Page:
Source | www.mckinsey.com
For two scholars representing opposing schools of thought, Daniel Kahneman and Gary Klein find a surprising amount of common ground. Kahneman, a psychologist, won the Nobel Prize in economics in 2002 for prospect theory, which helps explain the sometimes counterintuitive choices people make under uncertainty. Klein, a senior scientist at MacroCognition, has focused on the power of intuition to support good decision making in high-pressure environments, such as firefighting and intensive-care units.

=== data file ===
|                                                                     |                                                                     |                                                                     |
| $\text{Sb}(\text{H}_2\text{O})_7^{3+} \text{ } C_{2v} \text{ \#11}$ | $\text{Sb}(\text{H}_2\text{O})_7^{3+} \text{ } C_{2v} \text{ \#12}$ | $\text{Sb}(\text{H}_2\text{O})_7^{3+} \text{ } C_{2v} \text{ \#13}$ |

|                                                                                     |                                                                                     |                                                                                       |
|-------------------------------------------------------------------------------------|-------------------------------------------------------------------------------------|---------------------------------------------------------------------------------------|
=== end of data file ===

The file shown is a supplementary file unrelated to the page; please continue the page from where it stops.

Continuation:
In a September 2009 American Psychology article titled “Conditions for intuitive expertise: A failure to disagree,” Kahneman and Klein debated the circumstances in which intuition would yield good decision making. In this interview with Olivier Sibony, a director in McKinsey’s Brussels office, and Dan Lovallo, a professor at the University of Sydney and an adviser to McKinsey, Kahneman and Klein explore the power and perils of intuition for senior executives.
The Quarterly: In your recent American Psychology article, you asked a question that should be interesting to just about all executives: “Under what conditions are the intuitions of professionals worthy of trust?” What’s your answer? When can executives trust their guts?